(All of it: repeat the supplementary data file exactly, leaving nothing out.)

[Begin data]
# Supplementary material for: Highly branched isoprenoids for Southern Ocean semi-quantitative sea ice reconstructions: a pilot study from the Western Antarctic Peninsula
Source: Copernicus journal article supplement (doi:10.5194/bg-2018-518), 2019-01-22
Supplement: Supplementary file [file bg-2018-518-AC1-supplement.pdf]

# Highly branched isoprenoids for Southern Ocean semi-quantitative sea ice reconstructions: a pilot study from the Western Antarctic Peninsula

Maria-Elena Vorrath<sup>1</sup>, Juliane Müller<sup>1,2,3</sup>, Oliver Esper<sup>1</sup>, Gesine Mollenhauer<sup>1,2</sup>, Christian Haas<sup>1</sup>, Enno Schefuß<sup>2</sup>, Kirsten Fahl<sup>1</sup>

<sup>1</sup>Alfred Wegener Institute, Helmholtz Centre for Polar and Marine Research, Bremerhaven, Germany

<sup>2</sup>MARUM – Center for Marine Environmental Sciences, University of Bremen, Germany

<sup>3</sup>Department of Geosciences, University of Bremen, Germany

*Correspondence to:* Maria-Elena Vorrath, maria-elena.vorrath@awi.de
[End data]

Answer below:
# Supplementary material for: Highly branched isoprenoids for Southern Ocean semi-quantitative sea ice reconstructions: a pilot study from the Western Antarctic Peninsula
Source: Copernicus journal article supplement (doi:10.5194/bg-2018-518), 2019-01-22
Supplement: Supplementary file [file bg-2018-518-AC1-supplement.pdf]

# Highly branched isoprenoids for Southern Ocean semi-quantitative sea ice reconstructions: a pilot study from the Western Antarctic Peninsula

Maria-Elena Vorrath<sup>1</sup>, Juliane Müller<sup>1,2,3</sup>, Oliver Esper<sup>1</sup>, Gesine Mollenhauer<sup>1,2</sup>, Christian Haas<sup>1</sup>, Enno Schefuß<sup>2</sup>, Kirsten Fahl<sup>1</sup>

<sup>1</sup>Alfred Wegener Institute, Helmholtz Centre for Polar and Marine Research, Bremerhaven, Germany

<sup>2</sup>MARUM – Center for Marine Environmental Sciences, University of Bremen, Germany

<sup>3</sup>Department of Geosciences, University of Bremen, Germany

*Correspondence to:* Maria-Elena Vorrath, maria-elena.vorrath@awi.de